Every anime I have ever watched (and still remember), split into tiers—which I have found more stable and representative than strict rankings. Some caveats:

Tier 0: Peerless

Puella Magi Madoka Magica

Tier 1: Outstanding

Neon Genesis Evangelion Serial Experiments Lain

Tier 2: Very Good

Bakemonogatari Ergo Proxy Fate/Zero Future Diary Gekkan Shoujo Nozaki-kun Ghost in the Shell: Stand Alone Complex Legend of the Galactic Heroes Kill la Kill Parasyte Psycho-Pass Samurai Champloo Shirobako

Tier 3: Good

Axis Powers Hetalia Baccano! Claymore Code Geass Cowboy Bebop Darker than Black Durarara Eureka Seven Fate/Stay Night: Unlimited Blade Works Fullmetal Alchemist: Brotherhood Mobile Suit Gundam 00 Mobile Suit Gundam SEED Nichijou Nisekoi Nisemonogatari One Punch Man Ouran High School Host Club ReLife Spice and Wolf Tengen Toppa Gurren Lagann

Tier 4: Watchable

Attack on Titan Darker than Black: Gemini of the Meteor Deadman Wonderland Death Note Eden of the East Elfen Lied Eureka Seven: AO Fate/kaleid liner Prisma☆Illya Ghost in the Shell: 2nd GIG Girls und Panzer No Game No Life School-Live! Soul Eater Steins;Gate The World God Only Knows Welcome to the NHK

Tier 5: Bad

A Certain Magical Index Angel Beats! Black☆Rock Shooter Blue Gender Clannad Clannad: After Story Full Metal Panic! Guilty Crown Hellsing Highschool of the Dead Love Hina Macross Frontier Ōkami-san & her Seven Companions ReZero Tokyo Ghoul

Tier 6: Garbage

Dragon Ball Z Fate/Stay Night (2006) Sword Art Online I & II

Puella Magi Madoka Magica

It should go without saying that what follows is my personal opinion, and that your personal experience may differ.

That being said, Puella Magi Madoka Magica is not only the greatest anime of all time, but perhaps the greatest thing ever shown on a screen. It transcends its medium in a way no other animated work has. I would rank it just short of the greatest works of literature.

The status of film as subordinate to literature deserves note here. Text has as the great advantage of ambiguity: by leaving most details to our imagination we can fill a story with ourselves. Generally this advantage is overwhelming; few intellectual heavyweights would claim to be as affected by film as any of their top ten books. Madoka Magica overcomes this with a courser-grained approach to storytelling, presenting only the scaffolding of a story and letting us fill the rest in. On the other hand, film has the ability to deliver so much more information to us. Normally this is squandered on giving us a self-insertion fantasy. But Madoka Magica has realized the potential of this capacity: by giving us the richness of image, it can convey tone in a way text cannot; by exploiting the visual nature, it can use smash cuts to tell several intertwined stories at once.

Madoka Magica is both a good anime and a great one. The distinction is important—in my view, a "good" anime is one that entertains and enthralls us, while a great one changes us. For example, Fullmetal Alchemist: Brotherhood was a good anime, but not a great one. Conversely, Neon Genesis Evangelion started off as a good anime, but by the end had lost all its good elements—the art, the pacing, the action—but became something great. Certainly goodness can contribute to greatness, drawing us in and making us sympathize with the characters, but it is not necessary. What makes any work of art good is generally relatively easy to articulate; the key aspects are well-known, even if incorporating them can be challenging. Greatness is necessarily more difficult to describe, as if it were obvious what aspects of a work make it great, its greatness would be easily replicable and would thus vanish.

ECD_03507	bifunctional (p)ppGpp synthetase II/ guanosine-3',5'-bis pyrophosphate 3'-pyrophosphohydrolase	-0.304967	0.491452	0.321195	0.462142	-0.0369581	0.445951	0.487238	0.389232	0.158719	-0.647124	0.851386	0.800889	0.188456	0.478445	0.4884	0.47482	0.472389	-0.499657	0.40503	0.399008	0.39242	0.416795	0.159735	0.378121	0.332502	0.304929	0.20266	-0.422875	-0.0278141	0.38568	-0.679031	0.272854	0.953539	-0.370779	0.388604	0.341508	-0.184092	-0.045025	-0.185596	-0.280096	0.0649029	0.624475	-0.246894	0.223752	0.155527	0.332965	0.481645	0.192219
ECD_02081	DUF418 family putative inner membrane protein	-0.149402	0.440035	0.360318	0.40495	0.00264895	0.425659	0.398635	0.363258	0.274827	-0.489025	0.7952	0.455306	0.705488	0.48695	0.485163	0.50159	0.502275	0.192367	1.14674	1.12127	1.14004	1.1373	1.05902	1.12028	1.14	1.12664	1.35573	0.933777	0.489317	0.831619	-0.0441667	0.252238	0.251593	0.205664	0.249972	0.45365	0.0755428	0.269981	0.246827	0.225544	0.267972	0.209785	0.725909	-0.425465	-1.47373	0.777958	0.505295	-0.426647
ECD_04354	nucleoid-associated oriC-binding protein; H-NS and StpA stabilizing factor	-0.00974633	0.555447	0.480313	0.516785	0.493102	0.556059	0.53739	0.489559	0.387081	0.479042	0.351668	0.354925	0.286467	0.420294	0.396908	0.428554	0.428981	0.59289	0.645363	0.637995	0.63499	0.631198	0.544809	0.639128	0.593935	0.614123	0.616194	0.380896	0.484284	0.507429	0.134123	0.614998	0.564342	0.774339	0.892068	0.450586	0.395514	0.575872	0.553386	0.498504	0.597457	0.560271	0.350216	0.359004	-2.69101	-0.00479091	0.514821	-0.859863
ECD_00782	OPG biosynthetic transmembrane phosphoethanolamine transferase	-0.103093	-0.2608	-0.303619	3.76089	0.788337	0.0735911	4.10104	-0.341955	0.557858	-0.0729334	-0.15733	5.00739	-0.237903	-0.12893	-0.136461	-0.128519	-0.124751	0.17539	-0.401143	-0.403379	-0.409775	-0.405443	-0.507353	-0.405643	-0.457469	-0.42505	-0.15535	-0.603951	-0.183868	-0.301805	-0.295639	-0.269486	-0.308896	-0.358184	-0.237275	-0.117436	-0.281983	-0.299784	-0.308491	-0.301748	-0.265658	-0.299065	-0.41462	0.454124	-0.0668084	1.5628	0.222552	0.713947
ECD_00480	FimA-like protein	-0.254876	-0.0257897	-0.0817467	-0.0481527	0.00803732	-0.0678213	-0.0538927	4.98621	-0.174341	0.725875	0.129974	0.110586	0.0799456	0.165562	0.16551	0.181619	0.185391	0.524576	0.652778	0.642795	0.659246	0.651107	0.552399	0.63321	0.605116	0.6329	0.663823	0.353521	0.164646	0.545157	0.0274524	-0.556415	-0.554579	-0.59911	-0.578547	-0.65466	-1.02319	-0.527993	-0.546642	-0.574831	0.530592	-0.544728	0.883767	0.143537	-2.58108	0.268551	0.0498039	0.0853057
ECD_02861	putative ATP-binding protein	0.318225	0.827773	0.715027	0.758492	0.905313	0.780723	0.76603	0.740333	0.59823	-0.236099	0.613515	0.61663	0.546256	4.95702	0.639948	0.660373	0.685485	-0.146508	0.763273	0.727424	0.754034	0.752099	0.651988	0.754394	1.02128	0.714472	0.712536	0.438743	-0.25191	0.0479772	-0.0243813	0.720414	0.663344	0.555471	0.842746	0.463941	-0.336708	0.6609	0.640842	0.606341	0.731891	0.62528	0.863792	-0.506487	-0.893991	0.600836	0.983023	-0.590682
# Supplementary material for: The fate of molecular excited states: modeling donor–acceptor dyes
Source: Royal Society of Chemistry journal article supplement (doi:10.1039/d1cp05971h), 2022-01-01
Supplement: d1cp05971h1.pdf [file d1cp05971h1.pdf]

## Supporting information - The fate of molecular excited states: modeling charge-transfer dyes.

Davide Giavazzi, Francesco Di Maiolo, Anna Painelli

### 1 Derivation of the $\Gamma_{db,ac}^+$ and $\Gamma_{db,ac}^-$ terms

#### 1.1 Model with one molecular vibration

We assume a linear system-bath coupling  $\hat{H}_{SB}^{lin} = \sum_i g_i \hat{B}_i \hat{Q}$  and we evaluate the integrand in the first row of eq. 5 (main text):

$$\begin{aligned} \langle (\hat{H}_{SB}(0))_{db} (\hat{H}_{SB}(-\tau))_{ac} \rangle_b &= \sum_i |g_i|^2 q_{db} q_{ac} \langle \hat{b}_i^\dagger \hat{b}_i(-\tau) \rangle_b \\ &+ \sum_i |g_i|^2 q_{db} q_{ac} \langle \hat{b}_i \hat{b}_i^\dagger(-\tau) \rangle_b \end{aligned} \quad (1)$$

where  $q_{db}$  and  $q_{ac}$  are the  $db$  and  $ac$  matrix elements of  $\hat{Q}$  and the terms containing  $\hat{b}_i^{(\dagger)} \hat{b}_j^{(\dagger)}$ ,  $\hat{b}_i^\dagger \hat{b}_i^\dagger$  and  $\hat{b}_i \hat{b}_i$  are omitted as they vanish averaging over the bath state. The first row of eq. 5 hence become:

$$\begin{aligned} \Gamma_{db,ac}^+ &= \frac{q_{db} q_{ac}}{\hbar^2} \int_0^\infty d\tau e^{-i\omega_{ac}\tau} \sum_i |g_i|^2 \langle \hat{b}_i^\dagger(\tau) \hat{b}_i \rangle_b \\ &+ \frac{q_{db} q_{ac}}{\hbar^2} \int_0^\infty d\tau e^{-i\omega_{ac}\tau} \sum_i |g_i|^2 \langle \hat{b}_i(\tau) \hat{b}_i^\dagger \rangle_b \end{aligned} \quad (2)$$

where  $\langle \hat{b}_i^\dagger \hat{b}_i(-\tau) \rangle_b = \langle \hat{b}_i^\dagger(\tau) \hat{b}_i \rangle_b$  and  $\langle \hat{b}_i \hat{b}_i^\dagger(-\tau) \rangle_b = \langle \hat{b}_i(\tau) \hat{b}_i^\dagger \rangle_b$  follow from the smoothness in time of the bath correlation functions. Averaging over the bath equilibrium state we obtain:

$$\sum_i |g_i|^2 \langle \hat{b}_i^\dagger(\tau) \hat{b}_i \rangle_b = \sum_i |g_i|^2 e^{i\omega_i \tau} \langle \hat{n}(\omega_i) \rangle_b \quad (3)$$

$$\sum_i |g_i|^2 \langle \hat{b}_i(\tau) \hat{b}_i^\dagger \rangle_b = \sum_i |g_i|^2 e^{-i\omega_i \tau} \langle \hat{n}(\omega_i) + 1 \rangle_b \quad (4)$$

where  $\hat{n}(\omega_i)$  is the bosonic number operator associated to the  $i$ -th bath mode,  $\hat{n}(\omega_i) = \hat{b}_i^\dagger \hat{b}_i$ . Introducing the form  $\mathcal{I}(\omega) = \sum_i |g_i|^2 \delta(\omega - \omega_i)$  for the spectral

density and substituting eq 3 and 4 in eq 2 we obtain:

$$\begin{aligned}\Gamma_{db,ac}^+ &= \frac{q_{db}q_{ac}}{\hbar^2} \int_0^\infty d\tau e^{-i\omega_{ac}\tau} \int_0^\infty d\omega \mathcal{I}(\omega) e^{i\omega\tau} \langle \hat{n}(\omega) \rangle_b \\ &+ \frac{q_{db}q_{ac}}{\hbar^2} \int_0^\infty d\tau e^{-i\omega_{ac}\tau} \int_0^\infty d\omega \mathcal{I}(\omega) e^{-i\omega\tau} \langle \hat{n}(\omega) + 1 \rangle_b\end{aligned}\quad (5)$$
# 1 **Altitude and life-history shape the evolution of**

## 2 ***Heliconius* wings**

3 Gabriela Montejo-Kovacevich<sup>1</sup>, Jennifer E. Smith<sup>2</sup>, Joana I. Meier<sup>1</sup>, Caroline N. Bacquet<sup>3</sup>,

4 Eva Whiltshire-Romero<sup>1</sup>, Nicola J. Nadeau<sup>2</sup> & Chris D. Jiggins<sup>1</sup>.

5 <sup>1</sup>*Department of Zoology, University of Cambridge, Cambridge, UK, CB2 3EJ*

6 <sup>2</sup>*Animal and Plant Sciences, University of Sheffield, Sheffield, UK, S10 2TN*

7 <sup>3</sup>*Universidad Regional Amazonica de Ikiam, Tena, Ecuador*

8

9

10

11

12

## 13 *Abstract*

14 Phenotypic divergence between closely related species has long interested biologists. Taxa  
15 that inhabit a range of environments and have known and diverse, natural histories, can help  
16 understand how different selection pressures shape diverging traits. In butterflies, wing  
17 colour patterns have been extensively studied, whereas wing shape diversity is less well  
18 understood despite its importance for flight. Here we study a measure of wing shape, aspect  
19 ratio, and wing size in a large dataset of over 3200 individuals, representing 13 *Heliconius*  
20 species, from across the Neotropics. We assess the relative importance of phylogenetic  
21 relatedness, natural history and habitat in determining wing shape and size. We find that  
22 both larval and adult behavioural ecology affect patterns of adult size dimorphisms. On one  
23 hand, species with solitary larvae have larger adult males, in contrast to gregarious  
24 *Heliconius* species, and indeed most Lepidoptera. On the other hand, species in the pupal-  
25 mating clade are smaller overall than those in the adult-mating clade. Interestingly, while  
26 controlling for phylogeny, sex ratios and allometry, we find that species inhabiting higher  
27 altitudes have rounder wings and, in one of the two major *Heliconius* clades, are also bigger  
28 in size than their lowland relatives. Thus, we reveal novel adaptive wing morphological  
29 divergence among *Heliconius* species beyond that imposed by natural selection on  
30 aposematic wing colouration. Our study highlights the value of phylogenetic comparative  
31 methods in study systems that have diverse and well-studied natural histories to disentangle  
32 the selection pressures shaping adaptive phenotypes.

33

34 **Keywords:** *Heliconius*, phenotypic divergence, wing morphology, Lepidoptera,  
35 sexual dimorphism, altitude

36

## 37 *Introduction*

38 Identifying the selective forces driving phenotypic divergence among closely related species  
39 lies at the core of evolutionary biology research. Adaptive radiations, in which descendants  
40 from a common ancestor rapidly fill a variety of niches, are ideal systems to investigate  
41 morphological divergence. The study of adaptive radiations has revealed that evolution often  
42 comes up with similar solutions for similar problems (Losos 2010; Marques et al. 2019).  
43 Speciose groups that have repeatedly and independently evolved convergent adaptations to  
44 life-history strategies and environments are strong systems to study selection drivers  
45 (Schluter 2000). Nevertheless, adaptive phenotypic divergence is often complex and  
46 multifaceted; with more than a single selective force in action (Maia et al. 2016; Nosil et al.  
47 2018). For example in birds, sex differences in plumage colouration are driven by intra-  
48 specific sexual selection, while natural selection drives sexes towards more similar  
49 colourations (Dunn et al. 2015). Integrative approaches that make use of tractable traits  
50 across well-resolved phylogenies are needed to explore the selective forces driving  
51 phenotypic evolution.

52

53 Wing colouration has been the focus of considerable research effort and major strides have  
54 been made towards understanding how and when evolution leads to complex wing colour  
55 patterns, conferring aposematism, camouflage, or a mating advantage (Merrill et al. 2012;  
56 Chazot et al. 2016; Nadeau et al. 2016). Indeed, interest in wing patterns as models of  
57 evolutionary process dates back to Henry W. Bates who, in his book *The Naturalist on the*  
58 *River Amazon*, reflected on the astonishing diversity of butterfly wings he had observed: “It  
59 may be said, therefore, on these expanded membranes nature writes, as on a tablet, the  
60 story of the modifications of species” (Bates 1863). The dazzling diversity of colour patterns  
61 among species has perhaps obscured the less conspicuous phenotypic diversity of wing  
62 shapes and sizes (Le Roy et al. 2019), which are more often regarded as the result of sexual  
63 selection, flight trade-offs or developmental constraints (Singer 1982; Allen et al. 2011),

A myriad of factors make Madoka good:

The last point deserves special attention. Challenging the viewers is one of the features of a good show that is perhaps necessary for greatness, and Madoka does it better than any other show I've seen. A common technique among great works is to obfuscate certain key elements, forcing us to put considerable thought into the work just to know the plot, and hopefully as a side effect come to understand the work on a deeper level. While effective, this technique is unsatisfying. It makes us feel that the authors do not trust us, and that we have been forced to undo some of the authors' work—a waste of time for all involved. Madoka, on the other hand, does not obfuscate any key element. Instead it presents only the outlines of its story, requiring us to think about and infer the rest. It successfully builds a world reasonable enough for us to do so, and shows us exactly what we need to know. As a result, the viewer has the much more satisfying experience of adding to what the authors created, rather than undoing their work. In place of obfuscation, the authors found a brilliant way to signal that a deeper analysis of the work is necessary: putting coded messages in the background. This doesn't qualify as obfuscation, as the content of the messages are tasty tidbits but ultimately unimportant, but did an excellent job of signaling to the fanbase that the show requires serious analysis.

It is considerably harder to articulate what makes Madoka great. Madoka presents several questions central to our lives, and makes the case for various positions while not forcing any of them on us. It is hard to describe these questions or the positions it presents in mere words. Language relies entirely shared experience, and language alone cannot pierce the most central aspects of our being because they are too personal. This is were great art comes into its own—it somehow reaches these aspects that we cannot describe objectively.